While it's legal to sell "found treasure" from state historical sites in Texas, Solomon and his wife choose not to do so, instead viewing the bounty as a token of the house they bought in 1988.

"We choose not to sell them because they're important to us," Solomon says. "We like to hang them on our walls."

The $2 Million Nickel

George Walton loved nothing more than collecting rare coins, and when the North Carolina dealer was killed in a car accident in 1962, his extended family inherited a princely sum.

Among the pieces was one of five Liberty Head nickels bearing the date 1913.

As the story goes, the main U.S. coin between 1883 and 1912 was the Liberty Head, which was replaced in 1913 by the Indian/Buffalo coin.

"There weren't supposed to be any 1913 Liberty Head nickels made," Givens explains, "but there was a period of time that the U.S. Mint said, 'Let's wait and see what we can do with it,'" and the Mint held onto the dies.

About five years later, a U.S. Mint employee used the dies to create five 1913 Liberty Head coins, perhaps in a shady move to trigger his own collecting craze. Givens says the Mint would contend they were never printed, but this made the coins even more desirable to collectors. When Walton lucked into the nickel in 1945, he cherished it with all his heart, taking great care to remind his family that he was sitting on a fortune.

Givens never doubted Uncle George, but the host of auctioneers who appraised the nickel in 1962 after Walton's death felt differently. Something was amiss, and so it was left to gather dust in Givens's mother's closet, where she kept it for 40 years.

In 1992, Givens' mother passed away and in a strange twist of fate, the coin collecting community renewed its interest in the mysterious nickels, which were now said to be worth millions.

"I didn't pay attention to it until a gentleman asked me if I had it or knew where it was," says Givens. "He offered $5,000, but I told him I couldn't sell it and he'd have to ask my family."

But Givens couldn't shake the idea that the nickel might be the real thing. When the fourth Liberty Head nickel sold in 1993, he had to find out for sure.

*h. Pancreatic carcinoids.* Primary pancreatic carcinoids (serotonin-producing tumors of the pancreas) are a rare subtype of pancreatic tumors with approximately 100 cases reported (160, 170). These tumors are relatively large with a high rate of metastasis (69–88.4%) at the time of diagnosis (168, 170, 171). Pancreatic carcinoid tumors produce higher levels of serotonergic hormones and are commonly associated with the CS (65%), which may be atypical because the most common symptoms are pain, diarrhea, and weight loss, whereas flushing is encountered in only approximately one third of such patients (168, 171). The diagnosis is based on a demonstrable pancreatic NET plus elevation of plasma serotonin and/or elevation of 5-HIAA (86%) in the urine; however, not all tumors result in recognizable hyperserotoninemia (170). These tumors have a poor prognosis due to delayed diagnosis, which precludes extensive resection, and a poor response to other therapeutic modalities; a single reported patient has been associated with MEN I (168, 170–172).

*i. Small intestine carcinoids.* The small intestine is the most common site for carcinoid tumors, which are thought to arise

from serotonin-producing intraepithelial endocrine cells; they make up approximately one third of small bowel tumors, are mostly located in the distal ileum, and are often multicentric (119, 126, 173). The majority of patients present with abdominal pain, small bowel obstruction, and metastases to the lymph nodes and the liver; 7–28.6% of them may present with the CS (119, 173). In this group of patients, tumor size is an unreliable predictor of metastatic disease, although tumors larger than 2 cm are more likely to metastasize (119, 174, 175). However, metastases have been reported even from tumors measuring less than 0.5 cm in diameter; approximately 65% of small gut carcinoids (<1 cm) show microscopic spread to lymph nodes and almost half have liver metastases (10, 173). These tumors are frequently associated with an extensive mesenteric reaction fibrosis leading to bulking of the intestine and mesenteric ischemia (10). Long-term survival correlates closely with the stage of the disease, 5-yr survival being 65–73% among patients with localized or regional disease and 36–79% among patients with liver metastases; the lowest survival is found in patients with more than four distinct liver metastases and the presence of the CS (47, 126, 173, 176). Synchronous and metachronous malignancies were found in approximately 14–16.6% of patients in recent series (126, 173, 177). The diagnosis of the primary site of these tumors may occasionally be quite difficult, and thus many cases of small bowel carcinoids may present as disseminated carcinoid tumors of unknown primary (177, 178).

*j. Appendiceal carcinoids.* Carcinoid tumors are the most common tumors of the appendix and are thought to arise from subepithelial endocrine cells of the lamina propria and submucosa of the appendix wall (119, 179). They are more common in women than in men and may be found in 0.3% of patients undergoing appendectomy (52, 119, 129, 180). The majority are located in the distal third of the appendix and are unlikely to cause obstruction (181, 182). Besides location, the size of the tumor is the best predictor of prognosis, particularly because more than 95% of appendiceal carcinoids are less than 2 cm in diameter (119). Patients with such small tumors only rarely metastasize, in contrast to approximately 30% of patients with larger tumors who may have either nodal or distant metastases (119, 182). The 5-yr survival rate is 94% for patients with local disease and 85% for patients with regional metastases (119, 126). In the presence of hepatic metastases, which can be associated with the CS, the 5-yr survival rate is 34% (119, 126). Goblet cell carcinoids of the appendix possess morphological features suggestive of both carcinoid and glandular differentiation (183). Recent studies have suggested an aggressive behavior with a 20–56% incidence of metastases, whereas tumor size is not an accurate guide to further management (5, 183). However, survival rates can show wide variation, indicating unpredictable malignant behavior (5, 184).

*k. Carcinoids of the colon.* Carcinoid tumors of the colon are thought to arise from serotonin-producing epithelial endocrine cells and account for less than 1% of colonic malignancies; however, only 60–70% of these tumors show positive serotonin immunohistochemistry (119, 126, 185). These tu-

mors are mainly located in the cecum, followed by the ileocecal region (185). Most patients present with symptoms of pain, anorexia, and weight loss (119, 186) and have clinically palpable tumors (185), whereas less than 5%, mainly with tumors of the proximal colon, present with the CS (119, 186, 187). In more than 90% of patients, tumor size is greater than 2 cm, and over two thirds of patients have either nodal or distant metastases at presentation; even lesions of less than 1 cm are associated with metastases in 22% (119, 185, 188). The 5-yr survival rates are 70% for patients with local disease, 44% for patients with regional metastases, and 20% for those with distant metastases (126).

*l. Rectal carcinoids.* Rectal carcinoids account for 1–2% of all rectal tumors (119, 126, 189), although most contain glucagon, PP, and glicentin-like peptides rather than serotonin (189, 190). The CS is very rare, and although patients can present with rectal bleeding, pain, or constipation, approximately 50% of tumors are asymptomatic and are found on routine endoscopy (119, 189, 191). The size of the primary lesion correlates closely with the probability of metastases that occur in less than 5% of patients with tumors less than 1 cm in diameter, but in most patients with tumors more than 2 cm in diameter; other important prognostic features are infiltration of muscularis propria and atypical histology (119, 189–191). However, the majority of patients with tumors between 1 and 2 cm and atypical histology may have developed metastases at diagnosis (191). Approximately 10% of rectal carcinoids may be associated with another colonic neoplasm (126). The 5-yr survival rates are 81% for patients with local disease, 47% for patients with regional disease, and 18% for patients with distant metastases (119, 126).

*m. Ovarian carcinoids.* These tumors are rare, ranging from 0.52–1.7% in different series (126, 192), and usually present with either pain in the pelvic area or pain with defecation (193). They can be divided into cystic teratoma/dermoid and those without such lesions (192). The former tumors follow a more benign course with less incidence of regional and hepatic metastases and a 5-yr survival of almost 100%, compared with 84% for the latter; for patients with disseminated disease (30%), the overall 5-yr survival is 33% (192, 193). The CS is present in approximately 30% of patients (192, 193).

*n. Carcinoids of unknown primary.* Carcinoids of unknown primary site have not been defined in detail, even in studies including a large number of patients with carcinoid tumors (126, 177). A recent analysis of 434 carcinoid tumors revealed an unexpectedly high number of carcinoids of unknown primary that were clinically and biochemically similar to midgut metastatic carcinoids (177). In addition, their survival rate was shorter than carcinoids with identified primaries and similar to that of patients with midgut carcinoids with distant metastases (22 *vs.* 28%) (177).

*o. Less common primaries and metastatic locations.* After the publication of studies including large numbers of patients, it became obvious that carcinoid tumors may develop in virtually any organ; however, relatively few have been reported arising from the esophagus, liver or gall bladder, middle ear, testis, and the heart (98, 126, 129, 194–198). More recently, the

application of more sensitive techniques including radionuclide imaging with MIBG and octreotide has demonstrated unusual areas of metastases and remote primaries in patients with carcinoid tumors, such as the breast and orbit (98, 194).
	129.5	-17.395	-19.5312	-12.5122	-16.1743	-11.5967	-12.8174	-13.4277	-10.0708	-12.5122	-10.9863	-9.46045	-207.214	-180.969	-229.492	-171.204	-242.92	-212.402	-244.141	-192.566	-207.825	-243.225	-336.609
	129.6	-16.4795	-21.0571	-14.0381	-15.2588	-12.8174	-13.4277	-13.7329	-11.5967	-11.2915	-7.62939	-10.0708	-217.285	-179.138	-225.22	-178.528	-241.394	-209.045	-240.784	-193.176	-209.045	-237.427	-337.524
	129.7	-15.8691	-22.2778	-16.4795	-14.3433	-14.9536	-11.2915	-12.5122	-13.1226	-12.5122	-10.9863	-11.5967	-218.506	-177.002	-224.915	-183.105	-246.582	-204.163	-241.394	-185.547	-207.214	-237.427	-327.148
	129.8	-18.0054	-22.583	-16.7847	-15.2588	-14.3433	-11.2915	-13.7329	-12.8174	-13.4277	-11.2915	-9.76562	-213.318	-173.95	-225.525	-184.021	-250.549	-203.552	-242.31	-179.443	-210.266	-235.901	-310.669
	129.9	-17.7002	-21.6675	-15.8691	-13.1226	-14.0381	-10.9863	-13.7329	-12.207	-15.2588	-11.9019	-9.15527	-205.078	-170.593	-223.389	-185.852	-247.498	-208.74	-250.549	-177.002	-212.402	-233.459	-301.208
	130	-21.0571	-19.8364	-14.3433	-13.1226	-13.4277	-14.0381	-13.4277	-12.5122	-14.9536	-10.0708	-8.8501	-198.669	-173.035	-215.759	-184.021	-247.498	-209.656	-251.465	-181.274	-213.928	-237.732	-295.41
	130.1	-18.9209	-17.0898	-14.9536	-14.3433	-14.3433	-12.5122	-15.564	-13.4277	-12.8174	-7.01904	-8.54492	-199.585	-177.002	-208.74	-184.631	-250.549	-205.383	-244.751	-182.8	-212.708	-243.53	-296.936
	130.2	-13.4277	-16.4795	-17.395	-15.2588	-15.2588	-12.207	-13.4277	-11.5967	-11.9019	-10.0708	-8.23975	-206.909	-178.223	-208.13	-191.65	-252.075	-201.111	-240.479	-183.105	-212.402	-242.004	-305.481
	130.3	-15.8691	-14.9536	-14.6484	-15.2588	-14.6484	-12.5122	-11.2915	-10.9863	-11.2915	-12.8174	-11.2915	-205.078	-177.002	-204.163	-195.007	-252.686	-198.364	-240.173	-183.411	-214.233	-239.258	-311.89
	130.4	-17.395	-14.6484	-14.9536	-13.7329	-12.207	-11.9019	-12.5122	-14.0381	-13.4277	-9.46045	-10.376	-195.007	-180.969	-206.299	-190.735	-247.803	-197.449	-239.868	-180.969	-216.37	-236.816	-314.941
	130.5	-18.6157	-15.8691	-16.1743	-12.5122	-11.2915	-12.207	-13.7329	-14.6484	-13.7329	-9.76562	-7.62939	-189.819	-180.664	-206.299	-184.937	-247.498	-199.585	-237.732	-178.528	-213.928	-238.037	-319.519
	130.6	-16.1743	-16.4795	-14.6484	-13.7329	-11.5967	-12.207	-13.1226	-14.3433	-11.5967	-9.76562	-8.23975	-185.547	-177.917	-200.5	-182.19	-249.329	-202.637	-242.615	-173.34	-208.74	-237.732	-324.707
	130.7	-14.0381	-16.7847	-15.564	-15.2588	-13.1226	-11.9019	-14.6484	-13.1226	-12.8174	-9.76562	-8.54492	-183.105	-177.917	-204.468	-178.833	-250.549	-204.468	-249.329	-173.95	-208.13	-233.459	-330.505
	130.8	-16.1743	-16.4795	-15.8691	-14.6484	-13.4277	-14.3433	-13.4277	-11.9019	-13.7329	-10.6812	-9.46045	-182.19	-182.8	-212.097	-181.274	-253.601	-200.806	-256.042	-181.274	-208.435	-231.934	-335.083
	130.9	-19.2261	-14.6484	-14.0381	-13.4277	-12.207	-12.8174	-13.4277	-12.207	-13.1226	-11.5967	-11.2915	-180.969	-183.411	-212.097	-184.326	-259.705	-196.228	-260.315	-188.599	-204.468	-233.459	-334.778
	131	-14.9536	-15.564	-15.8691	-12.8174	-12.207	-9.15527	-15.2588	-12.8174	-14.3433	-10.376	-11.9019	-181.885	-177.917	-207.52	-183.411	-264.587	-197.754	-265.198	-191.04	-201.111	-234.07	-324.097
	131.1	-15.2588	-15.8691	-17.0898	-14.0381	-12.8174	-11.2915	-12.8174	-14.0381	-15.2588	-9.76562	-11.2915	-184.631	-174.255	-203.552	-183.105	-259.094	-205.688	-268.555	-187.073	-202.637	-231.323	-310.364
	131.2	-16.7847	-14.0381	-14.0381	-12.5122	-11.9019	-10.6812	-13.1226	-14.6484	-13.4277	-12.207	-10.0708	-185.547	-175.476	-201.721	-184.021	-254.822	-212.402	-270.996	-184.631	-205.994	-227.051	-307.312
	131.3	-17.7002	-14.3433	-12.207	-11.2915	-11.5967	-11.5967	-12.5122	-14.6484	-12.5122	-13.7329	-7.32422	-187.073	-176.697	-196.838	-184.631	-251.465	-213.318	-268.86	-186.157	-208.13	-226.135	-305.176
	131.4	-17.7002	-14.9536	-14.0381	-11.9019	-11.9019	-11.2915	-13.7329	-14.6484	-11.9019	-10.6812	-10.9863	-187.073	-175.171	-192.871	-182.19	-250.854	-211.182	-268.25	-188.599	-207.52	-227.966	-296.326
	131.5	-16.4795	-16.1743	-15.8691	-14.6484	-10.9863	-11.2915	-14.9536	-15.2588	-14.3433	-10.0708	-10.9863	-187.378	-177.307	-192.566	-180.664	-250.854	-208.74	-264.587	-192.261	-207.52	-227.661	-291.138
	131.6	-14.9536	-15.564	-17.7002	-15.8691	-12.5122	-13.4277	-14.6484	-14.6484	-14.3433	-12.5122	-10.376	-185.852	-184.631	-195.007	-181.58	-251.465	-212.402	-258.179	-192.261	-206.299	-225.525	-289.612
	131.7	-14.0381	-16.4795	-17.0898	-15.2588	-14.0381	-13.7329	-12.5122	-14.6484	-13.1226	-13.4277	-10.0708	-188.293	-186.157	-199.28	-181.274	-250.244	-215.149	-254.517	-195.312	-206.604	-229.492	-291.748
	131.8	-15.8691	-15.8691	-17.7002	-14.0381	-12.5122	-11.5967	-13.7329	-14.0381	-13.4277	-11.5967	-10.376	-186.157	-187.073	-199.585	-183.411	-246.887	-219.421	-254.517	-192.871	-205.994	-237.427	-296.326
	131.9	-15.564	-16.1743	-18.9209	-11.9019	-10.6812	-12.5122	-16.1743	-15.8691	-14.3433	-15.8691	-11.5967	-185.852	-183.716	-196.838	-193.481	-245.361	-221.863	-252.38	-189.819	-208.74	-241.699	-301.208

"It was fun to imagine it to be real, even though I knew it wasn't, but the more I looked at it, the more I couldn't find anything wrong with it," he says.

Ten years later, it all came together.

On a fateful night, Givens attended the American Numismatic Association's annual convention in July, where there was to be a great display of all four Liberty Head nickels. A little while before an editor at Coin World had wanted to do a piece on the altered-date coins, and had her reporter tap Givens's sister, Cheryl Myers, for an interview about Uncle George. The editor also had an idea to have Myers feature the coin in the ANA's display because after all, it was part of the story.

But what happened next took everyone by surprise.

In an effort to find the missing nickel, the coin dealing firm Bowers and Merena, with the help of Donn Pearlman, offered a $1 million bounty to whoever could come forward with the authentic piece. With all the coins now in one place at the convention, a group of six professional appraisers, as well as Pearlman and Givens, examined Walton's coin. And after hours of comparing and contrasting, what they found took the coin collecting world by storm—the coin was the one.

"It vindicated Uncle George," says Givens.

Today, the George Walton Nickel is still owned by the Givens family, but travels to exhibits around the country. It is currently on display at the Money Museum in Colorado.

"It's just an interesting coin to look at, and from our point of view, it's even more interesting because of the mystery of when they tried to authenticate it in 1962," Givens says. "It's something that's done a lot for the family, and it was good for my uncle—usually people forget collectors, but his name came back in the news. Mainly it's the story behind it, what's happened to it, where it's been."


Popular Stories on Yahoo!:

Siblings Make Millions With Company Started in Teens

States Where People Pay the Most (and Least) in Taxes

Five Phones Doomed to Be Collectibles